Feb. 16, 2006 • Volume 14 Number 11

J. Robert Barth, SJ

Extra Credit

Scholar, teacher, mentor, colleague, friend: Rev. J. Robert Barth, SJ (in photo), the former College of Arts and Sciences dean who died last September, was all those and more. And that's how Lect. Michael Raiger (Philosophy) set out to memorialize him in a recently published essay.

Raiger's article, "In Memoriam: J. Robert Barth, SJ (1931-2005)," appears in the current issue of The Coleridge Bulletin. Echoing Fr. Barth's observations on Coleridgean imagery, Raiger writes that Fr. Barth's personality "was directed outward from a central point that sustained his energies and his attention in the direction of others.

"But like the stone that disappears, while the ever-larger circles grow outward on the surface of the water, his life even after his death remains clearly visible, as the evidence of his presence in those who knew him."

Raiger, who has taught English and philosophy at the University since the fall of 2001, first encountered Fr. Barth while studying for his master's degree, which he completed in 1989.

"It was our shared interest in Coleridge that brought us together," says Raiger. "Fr. Barth was helpful in getting an article of mine published, and he did so without really knowing me. I saw this as an indication of his generosity towards young scholars, which I've come to see as a integral component of his understanding of himself as a scholar. It also showed me a side of his personality that ran very deep."

In recent years, Raiger and Fr. Barth both attended the annual Coleridge Summer Conference in England, a signal event for scholars of the 19th-century British poet. The conference provided for Raiger his fondest, and most enduring, memory of Fr. Barth - but not just as an academic.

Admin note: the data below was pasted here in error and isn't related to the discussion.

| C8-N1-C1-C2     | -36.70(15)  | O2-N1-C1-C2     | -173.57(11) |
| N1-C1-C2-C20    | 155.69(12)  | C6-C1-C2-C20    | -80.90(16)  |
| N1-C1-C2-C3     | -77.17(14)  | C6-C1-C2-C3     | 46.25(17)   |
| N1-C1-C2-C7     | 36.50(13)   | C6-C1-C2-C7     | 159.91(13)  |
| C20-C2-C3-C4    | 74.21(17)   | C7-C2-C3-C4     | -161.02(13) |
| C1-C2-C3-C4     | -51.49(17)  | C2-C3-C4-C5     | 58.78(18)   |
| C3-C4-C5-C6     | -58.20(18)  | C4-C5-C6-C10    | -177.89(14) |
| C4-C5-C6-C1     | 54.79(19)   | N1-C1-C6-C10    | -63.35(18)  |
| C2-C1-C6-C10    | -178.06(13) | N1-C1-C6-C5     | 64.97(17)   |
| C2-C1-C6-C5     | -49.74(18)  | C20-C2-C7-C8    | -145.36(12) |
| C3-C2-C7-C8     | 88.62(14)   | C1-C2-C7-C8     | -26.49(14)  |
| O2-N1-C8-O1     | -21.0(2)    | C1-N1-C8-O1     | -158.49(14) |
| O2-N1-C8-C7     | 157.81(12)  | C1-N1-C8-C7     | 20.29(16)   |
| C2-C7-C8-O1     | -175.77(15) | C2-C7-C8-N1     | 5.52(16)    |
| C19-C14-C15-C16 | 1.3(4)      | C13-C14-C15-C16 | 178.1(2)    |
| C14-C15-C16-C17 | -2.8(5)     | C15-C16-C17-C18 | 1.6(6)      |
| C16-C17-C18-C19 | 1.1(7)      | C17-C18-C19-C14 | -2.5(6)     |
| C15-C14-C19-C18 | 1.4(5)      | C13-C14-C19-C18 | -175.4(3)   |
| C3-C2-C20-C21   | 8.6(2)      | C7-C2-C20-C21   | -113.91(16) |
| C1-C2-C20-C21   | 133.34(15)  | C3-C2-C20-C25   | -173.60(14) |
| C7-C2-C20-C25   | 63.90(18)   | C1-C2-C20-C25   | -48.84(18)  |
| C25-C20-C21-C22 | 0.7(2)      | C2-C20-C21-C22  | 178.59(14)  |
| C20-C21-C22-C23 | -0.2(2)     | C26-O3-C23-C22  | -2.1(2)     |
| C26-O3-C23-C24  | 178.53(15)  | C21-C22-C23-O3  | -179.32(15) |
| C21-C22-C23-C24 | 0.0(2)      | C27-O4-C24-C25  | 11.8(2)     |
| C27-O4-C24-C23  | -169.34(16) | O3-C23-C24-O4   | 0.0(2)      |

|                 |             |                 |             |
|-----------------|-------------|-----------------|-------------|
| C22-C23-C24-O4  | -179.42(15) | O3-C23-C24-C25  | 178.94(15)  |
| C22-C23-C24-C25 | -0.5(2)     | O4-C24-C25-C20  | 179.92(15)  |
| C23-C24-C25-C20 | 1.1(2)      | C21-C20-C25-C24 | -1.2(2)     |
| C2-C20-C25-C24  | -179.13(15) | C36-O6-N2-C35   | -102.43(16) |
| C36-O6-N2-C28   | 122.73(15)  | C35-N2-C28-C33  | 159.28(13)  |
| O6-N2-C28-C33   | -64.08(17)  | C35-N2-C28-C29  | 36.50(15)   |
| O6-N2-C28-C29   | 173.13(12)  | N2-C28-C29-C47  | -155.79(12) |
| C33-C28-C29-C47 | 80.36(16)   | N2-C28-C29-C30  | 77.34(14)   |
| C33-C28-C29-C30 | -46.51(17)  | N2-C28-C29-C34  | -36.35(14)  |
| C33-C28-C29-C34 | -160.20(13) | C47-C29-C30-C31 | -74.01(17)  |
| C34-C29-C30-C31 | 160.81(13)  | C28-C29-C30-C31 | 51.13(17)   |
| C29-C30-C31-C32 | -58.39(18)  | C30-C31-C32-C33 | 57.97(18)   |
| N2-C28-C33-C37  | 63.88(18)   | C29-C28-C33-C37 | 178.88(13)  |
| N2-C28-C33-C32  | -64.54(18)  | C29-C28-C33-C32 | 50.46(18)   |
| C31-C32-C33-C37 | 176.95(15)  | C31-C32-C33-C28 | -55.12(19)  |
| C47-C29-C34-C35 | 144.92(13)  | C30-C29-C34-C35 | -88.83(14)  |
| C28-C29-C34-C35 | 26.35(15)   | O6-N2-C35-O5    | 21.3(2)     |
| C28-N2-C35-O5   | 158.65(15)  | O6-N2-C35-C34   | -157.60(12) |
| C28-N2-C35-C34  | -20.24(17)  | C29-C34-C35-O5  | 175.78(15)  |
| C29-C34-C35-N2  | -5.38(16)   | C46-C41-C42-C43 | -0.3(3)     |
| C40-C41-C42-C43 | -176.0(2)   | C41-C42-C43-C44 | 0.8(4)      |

"At 6:30 every morning - and a late July morning in the west country of England is one of the most beautiful settings one can imagine - Fr. Barth said Mass under a very large weeping willow tree for the small contingent of Catholics present at the conference. I've been told that he did the same for years at Dove Cottage in the Lake District of England, for participants at the Wordsworth Conference.

"I think everyone there at these Masses sensed the appropriateness of it. Sharing the Eucharist in the natural beauty of the English countryside that Coleridge loved so well, seemed like the best way to prepare for a day dedicated to discussing the writings of a man whose vision of nature led to the experience of God.

"Fr. Barth, through his own personality gave of us a glimpse of that far country."

Writing a tribute to Fr. Barth in The Coleridge Bulletin, which is published by organizers of the conference, was appropriate for any number of reasons, says Raiger.

"I was asked to do it because of the BC connection, and also because we both saw Coleridge as a deeply religious poet and thinker from whom our own religious experiences could draw strength and inspiration. I've admired this aspect of Fr. Barth's scholarship: It wasn't an academic exercise, but a way of living that mattered, and Coleridge helped us to understand and articulate this in similar ways. Fr. Barth's approach to scholarship really has inspired me in my own academic career."

The Coleridge Bulletin Web site is With their permission, Chronicle has made Raiger's article available at -Sean Smith

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